Retrospective analysis of telephone calls can be made from Call detail record (CDR) used for billing the calls.

Monitoring friendly communications

More a part of communications security than true intelligence collection, SIGINT units still may have the responsibility of monitoring one's own communications or other electronic emissions, to avoid providing intelligence to the enemy. For example, a security monitor may hear an individual transmitting inappropriate information over an unencrypted radio network, or simply one that is not authorized for the type of information being given. If immediately calling attention to the violation would not create an even greater security risk, the monitor will call out one of the BEADWINDOW codes<ref>{{#invoke:citation/CS1|citation |CitationClass=web }}</ref> used by Australia, Canada, New Zealand, the United Kingdom, the United States, and other nations working under their procedures. Standard BEADWINDOW codes (e.g., "BEADWINDOW 2") include:

  1. Position: (e.g., disclosing, in an insecure or inappropriate way, "Friendly or enemy position, movement or intended movement, position, course, speed, altitude or destination or any air, sea or ground element, unit or force."
  2. Capabilities: "Friendly or enemy capabilities or limitations. Force compositions or significant casualties to special equipment, weapons systems, sensors, units or personnel. Percentages of fuel or ammunition remaining."
  3. Operations: "Friendly or enemy operation – intentions progress, or results. Operational or logistic intentions; mission participants flying programmes; mission situation reports; results of friendly or enemy operations; assault objectives."
  4. Electronic warfare (EW): "Friendly or enemy electronic warfare (EW) or emanations control (EMCON) intentions, progress, or results. Intention to employ electronic countermeasures (ECM); results of friendly or enemy ECM; ECM objectives; results of friendly or enemy electronic counter-countermeasures (ECCM); results of electronic support measures/tactical SIGINT (ESM); present or intended EMCON policy; equipment affected by EMCON policy."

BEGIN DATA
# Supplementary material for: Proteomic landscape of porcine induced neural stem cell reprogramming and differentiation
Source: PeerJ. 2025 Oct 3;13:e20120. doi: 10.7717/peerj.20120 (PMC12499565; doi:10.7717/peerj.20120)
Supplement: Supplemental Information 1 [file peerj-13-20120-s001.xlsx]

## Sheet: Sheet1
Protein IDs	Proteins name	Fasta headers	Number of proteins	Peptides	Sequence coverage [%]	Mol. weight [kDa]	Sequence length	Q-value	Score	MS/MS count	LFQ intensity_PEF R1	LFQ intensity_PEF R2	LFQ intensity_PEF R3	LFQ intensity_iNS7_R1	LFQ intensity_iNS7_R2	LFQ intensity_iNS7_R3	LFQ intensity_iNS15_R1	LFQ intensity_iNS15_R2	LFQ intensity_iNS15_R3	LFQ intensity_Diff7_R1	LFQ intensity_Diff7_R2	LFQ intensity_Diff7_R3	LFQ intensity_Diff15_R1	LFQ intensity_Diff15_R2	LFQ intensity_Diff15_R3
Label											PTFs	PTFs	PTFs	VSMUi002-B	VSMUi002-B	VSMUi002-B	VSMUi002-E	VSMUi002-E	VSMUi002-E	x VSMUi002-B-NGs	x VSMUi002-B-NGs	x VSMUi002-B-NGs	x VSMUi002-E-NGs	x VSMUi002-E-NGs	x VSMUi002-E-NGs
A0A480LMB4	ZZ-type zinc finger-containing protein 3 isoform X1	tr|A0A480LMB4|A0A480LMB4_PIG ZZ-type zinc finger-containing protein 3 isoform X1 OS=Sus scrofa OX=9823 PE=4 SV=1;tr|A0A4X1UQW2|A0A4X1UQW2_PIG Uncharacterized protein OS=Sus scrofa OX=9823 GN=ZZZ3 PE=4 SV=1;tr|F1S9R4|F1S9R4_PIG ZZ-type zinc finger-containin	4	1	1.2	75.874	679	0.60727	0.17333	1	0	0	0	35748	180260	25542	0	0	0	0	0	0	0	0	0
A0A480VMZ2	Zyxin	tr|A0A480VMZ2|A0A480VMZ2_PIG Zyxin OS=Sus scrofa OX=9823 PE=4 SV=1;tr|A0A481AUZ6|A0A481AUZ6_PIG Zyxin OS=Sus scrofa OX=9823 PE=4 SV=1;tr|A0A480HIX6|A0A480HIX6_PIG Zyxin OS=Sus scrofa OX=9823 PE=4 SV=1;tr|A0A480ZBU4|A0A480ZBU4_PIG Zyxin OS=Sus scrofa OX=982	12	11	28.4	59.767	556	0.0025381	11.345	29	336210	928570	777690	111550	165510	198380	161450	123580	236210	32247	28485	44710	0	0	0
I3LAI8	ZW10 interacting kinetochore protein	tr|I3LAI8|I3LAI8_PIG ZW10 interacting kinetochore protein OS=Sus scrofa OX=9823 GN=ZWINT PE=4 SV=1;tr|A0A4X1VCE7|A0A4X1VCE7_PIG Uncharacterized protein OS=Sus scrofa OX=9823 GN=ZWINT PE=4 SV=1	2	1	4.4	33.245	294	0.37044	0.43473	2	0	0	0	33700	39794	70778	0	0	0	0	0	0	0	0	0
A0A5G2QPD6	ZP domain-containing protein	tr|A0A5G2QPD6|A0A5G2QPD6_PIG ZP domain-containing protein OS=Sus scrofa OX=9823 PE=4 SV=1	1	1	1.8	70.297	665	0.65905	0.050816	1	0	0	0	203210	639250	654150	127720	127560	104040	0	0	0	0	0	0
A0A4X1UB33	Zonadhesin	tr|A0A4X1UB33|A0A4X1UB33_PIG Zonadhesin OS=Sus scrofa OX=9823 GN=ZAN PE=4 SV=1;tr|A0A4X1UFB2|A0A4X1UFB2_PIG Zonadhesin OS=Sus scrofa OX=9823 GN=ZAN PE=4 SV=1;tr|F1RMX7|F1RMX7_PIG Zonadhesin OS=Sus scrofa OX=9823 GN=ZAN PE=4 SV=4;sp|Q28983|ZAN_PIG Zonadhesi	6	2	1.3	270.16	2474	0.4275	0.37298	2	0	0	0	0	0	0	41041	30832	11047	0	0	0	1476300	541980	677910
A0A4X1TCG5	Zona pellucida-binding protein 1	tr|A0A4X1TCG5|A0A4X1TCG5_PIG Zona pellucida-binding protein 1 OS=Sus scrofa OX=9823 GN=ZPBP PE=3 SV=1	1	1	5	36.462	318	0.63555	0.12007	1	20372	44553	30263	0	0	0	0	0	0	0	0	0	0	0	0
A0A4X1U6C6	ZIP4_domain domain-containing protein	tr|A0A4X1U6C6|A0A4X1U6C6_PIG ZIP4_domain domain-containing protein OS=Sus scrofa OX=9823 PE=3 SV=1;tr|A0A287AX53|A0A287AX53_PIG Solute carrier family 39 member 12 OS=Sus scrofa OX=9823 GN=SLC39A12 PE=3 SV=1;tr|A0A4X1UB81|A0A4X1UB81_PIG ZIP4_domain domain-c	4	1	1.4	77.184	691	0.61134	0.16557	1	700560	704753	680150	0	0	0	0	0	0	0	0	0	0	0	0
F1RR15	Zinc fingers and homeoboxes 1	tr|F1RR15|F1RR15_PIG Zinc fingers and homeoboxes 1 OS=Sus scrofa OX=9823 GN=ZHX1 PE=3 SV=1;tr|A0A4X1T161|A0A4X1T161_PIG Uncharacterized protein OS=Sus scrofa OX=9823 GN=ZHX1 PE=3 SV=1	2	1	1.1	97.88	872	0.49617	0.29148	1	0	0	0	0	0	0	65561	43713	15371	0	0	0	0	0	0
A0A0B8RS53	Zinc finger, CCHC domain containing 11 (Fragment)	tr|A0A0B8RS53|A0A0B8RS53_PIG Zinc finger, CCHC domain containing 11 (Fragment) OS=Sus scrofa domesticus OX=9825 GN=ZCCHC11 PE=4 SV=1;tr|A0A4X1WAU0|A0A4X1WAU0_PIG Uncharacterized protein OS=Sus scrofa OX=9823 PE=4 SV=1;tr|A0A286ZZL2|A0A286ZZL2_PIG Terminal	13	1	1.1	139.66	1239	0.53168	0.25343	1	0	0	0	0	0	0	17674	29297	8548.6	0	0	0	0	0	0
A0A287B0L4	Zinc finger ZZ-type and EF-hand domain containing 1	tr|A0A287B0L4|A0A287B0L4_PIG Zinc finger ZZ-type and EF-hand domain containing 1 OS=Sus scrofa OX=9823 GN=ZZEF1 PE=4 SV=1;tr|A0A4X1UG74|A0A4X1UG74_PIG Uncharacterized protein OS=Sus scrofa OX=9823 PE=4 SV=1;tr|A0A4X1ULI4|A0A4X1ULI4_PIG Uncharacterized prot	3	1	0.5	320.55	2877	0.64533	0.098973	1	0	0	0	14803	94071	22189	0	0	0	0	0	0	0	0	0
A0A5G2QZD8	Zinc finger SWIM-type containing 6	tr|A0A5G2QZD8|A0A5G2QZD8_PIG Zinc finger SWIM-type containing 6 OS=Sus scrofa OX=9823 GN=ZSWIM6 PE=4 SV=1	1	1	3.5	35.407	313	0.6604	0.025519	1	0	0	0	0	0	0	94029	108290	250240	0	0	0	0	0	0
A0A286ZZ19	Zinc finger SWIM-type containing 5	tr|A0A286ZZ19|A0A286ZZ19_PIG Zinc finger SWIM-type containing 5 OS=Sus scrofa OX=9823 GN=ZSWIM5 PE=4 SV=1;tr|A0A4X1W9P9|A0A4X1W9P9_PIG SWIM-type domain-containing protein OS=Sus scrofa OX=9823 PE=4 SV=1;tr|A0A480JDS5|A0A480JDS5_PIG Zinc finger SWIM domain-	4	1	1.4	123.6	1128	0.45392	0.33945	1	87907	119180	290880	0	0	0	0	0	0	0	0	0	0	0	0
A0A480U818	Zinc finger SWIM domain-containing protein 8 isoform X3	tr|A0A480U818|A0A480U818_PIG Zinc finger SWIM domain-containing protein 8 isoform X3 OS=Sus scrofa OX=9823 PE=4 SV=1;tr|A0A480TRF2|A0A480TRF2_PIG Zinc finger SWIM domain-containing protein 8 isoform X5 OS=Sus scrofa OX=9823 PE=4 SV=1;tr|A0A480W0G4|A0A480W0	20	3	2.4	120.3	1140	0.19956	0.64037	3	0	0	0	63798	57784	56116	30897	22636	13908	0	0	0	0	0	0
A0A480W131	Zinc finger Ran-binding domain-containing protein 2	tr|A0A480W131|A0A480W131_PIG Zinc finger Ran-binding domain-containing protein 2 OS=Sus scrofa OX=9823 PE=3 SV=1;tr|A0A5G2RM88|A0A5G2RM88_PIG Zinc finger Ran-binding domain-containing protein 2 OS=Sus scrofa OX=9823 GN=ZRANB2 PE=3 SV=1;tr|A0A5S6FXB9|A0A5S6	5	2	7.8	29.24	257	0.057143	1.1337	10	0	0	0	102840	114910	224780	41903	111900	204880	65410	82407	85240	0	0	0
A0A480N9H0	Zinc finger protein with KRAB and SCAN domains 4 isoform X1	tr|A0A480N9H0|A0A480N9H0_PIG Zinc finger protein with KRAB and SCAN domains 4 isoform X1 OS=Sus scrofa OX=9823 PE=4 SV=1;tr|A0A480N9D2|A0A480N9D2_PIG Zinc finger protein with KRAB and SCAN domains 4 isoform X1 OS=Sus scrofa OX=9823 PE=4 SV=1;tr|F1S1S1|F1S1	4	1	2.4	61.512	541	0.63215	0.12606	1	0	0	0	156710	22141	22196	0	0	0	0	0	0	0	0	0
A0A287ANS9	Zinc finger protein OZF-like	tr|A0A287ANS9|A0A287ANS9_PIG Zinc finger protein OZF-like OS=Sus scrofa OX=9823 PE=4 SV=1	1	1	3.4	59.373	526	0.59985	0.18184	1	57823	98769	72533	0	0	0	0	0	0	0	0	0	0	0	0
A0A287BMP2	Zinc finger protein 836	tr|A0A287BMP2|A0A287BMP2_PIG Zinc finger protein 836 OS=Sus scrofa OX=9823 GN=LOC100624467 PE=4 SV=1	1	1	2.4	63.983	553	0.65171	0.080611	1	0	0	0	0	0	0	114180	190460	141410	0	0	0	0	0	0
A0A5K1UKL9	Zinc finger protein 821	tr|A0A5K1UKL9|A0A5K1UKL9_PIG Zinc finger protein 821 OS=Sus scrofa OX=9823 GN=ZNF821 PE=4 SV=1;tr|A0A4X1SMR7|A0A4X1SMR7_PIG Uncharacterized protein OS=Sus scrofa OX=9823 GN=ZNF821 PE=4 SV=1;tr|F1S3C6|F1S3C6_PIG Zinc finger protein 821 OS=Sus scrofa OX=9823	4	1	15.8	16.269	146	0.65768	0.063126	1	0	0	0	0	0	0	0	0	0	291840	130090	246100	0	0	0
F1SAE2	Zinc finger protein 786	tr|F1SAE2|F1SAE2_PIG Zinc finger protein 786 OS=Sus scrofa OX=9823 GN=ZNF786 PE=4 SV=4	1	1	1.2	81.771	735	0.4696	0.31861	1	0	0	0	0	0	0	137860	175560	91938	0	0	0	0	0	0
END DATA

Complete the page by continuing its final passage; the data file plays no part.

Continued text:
5. Friendly or enemy key personnel: "Movement or identity of friendly or enemy officers, visitors, commanders; movement of key maintenance personnel indicating equipment limitations."
  6. Communications security (COMSEC): "Friendly or enemy COMSEC breaches. Linkage of codes or codewords with plain language; compromise of changing frequencies or linkage with line number/circuit designators; linkage of changing call signs with previous call signs or units; compromise of encrypted/classified call signs; incorrect authentication procedure."
  7. Wrong circuit: "Inappropriate transmission. Information requested, transmitted or about to be transmitted which should not be passed on the subject circuit because it either requires greater security protection or it is not appropriate to the purpose for which the circuit is provided."
  8. Other codes as appropriate for the situation may be defined by the commander.

In WWII, for example, the Japanese Navy, by poor practice, identified a key person's movement over a low-security cryptosystem. This made possible Operation Vengeance, the interception and death of the Combined Fleet commander, Admiral Isoroku Yamamoto.

Signals intelligence sections
Intro  History  Technical definitions  Disciplines shared across the branches  COMINT  [[Signals_intelligence?section={{safesubst:#invoke:anchor|main}}Electronic_signals_intelligence|{{safesubst:#invoke:anchor|main}}Electronic signals intelligence]]  SIGINT versus MASINT  Legality  See also  References  Further reading  External links